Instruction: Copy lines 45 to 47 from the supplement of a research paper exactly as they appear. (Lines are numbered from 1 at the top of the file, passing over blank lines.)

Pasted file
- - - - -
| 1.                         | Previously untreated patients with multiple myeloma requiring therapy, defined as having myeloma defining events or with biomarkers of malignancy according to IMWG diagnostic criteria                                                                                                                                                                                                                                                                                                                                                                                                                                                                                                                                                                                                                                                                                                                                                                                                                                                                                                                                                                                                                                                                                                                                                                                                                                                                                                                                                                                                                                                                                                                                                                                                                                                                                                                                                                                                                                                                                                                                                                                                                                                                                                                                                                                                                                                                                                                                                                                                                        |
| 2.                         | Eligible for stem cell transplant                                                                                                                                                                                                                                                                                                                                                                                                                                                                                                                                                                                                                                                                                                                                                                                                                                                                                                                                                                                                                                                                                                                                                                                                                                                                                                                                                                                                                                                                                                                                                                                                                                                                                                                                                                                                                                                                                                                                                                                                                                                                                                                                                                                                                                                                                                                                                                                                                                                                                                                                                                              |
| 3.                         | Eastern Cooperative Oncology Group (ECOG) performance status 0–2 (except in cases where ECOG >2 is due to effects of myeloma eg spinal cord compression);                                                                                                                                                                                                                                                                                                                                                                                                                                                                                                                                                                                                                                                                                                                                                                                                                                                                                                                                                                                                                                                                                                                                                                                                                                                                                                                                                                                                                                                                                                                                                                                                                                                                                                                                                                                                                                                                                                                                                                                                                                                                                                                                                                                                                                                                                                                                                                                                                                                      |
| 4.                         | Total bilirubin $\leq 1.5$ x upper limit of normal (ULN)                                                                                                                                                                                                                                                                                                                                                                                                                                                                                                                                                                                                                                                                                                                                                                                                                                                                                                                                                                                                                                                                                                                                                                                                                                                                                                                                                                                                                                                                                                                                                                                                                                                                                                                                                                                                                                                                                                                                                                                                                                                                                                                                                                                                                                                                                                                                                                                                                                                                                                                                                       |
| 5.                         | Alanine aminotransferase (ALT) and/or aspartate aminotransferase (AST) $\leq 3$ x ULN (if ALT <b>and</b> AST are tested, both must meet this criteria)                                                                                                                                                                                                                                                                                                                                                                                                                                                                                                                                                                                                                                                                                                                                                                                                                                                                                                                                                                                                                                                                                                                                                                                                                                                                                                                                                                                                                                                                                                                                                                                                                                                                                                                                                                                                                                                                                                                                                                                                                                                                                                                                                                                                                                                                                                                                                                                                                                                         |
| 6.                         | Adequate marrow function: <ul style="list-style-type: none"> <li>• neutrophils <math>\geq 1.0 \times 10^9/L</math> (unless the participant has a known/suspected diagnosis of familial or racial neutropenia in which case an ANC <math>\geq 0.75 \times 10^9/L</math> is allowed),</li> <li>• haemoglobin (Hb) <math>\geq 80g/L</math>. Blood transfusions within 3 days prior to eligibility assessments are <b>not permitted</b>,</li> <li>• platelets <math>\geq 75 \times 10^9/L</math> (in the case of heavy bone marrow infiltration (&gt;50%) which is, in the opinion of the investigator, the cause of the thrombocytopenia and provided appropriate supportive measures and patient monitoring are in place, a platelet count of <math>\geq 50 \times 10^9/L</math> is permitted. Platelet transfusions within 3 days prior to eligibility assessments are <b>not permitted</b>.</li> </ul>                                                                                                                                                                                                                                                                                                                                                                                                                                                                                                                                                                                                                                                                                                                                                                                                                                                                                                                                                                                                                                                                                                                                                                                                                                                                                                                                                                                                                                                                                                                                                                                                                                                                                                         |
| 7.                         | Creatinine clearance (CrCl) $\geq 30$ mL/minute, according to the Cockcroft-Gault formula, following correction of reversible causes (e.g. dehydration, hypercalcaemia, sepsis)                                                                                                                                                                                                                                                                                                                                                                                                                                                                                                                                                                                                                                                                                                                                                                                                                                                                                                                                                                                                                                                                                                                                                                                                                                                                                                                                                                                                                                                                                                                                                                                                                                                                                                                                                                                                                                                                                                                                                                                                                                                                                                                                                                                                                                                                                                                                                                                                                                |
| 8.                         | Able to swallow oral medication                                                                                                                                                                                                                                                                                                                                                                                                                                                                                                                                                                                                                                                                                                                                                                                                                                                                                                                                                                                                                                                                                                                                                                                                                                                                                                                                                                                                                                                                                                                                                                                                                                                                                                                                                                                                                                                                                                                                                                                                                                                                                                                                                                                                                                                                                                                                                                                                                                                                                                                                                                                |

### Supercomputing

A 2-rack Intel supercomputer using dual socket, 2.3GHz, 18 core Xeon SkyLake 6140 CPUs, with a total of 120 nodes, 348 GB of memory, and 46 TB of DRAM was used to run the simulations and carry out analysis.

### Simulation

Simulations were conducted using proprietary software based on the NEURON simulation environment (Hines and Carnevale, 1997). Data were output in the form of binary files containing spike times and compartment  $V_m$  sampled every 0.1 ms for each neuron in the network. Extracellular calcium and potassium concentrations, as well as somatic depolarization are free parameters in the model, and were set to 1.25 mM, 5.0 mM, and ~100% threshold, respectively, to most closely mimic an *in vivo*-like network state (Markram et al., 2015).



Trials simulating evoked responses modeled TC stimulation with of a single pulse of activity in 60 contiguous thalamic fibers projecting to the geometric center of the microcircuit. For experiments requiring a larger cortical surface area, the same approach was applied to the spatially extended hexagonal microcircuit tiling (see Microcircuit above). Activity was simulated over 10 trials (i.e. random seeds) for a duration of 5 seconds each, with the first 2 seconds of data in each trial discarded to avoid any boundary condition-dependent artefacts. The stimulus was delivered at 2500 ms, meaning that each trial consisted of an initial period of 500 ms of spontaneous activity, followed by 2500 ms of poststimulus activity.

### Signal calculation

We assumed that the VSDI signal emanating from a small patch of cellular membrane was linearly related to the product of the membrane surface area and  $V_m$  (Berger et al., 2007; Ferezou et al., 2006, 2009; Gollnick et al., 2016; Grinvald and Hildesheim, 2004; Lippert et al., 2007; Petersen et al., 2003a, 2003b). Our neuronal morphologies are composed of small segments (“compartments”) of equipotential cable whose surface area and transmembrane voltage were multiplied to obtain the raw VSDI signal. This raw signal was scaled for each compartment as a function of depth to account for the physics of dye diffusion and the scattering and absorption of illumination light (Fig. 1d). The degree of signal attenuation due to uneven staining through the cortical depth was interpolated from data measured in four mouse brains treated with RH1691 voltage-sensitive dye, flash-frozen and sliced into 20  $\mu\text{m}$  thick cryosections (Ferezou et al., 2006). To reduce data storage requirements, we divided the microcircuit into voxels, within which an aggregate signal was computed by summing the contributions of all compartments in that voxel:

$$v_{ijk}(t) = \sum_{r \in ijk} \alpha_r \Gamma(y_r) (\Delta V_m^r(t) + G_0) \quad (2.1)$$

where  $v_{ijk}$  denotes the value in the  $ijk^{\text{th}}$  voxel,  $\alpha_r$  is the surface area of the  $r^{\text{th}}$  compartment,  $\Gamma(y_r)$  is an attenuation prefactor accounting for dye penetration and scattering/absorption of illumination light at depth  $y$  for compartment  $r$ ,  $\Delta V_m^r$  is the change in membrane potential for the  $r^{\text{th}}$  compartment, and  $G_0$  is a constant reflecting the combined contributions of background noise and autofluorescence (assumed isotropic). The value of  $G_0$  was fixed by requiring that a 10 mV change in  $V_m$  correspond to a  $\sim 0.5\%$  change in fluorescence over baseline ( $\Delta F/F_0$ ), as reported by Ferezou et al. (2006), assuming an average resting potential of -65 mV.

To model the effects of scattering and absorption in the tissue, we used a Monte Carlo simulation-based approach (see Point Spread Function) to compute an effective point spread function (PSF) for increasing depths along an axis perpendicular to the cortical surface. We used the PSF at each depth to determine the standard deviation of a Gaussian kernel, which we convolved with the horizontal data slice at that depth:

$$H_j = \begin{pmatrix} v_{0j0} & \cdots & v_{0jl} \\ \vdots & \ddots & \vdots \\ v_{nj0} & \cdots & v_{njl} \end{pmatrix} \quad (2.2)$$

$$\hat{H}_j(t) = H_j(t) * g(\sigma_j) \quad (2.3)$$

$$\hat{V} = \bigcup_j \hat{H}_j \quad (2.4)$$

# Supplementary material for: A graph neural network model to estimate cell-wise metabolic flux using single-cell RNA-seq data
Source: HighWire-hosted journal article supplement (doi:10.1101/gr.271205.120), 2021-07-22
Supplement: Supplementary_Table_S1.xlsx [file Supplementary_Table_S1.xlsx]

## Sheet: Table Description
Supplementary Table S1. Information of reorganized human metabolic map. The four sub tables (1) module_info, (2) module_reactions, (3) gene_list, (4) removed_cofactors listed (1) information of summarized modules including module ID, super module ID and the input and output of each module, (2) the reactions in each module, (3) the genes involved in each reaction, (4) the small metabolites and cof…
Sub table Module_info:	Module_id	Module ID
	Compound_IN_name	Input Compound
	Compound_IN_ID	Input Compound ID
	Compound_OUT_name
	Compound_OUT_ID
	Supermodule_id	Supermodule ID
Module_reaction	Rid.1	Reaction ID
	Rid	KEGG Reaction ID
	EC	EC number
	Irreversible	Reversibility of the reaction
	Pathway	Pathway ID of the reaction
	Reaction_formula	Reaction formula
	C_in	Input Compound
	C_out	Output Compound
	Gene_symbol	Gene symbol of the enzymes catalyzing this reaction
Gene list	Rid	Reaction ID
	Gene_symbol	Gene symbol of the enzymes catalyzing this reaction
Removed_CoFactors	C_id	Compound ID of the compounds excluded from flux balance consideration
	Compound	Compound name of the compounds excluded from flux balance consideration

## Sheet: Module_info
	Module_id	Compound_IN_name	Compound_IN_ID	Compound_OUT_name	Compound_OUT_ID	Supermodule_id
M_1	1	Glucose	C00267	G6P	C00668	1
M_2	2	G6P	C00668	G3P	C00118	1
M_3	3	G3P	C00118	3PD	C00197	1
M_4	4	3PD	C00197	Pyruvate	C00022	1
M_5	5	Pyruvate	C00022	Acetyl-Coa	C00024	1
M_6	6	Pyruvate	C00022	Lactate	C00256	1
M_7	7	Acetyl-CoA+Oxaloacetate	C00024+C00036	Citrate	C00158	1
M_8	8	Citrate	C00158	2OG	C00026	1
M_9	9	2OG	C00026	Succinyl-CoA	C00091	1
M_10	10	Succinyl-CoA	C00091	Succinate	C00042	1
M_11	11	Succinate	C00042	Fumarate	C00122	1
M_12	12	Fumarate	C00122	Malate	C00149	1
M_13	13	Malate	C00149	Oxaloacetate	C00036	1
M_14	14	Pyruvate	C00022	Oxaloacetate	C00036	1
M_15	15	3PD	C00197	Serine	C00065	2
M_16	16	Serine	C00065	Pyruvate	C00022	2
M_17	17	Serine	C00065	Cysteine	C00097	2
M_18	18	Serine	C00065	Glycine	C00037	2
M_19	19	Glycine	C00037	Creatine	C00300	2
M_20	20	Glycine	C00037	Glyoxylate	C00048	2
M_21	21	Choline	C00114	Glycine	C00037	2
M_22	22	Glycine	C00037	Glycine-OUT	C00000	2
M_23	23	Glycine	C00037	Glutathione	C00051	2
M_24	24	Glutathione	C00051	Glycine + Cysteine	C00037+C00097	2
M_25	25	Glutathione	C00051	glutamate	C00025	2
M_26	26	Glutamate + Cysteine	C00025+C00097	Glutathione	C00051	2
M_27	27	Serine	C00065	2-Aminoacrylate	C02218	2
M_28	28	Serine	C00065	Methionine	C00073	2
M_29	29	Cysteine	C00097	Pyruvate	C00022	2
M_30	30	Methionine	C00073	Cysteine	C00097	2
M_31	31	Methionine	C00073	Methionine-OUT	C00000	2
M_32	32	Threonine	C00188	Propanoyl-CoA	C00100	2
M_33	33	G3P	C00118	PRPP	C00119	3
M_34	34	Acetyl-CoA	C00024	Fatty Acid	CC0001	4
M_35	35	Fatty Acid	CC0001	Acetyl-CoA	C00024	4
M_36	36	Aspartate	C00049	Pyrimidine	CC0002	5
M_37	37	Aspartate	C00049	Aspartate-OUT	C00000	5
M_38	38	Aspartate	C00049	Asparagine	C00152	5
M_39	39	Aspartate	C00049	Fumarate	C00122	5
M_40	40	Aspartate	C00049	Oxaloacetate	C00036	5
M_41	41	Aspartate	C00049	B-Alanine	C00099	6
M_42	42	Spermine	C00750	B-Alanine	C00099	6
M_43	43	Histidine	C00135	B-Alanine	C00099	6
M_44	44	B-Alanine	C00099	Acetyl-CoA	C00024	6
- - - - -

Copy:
	Compound	Compound name of the compounds excluded from flux balance consideration

## Sheet: Module_info
	Module_id	Compound_IN_name	Compound_IN_ID	Compound_OUT_name	Compound_OUT_ID	Supermodule_id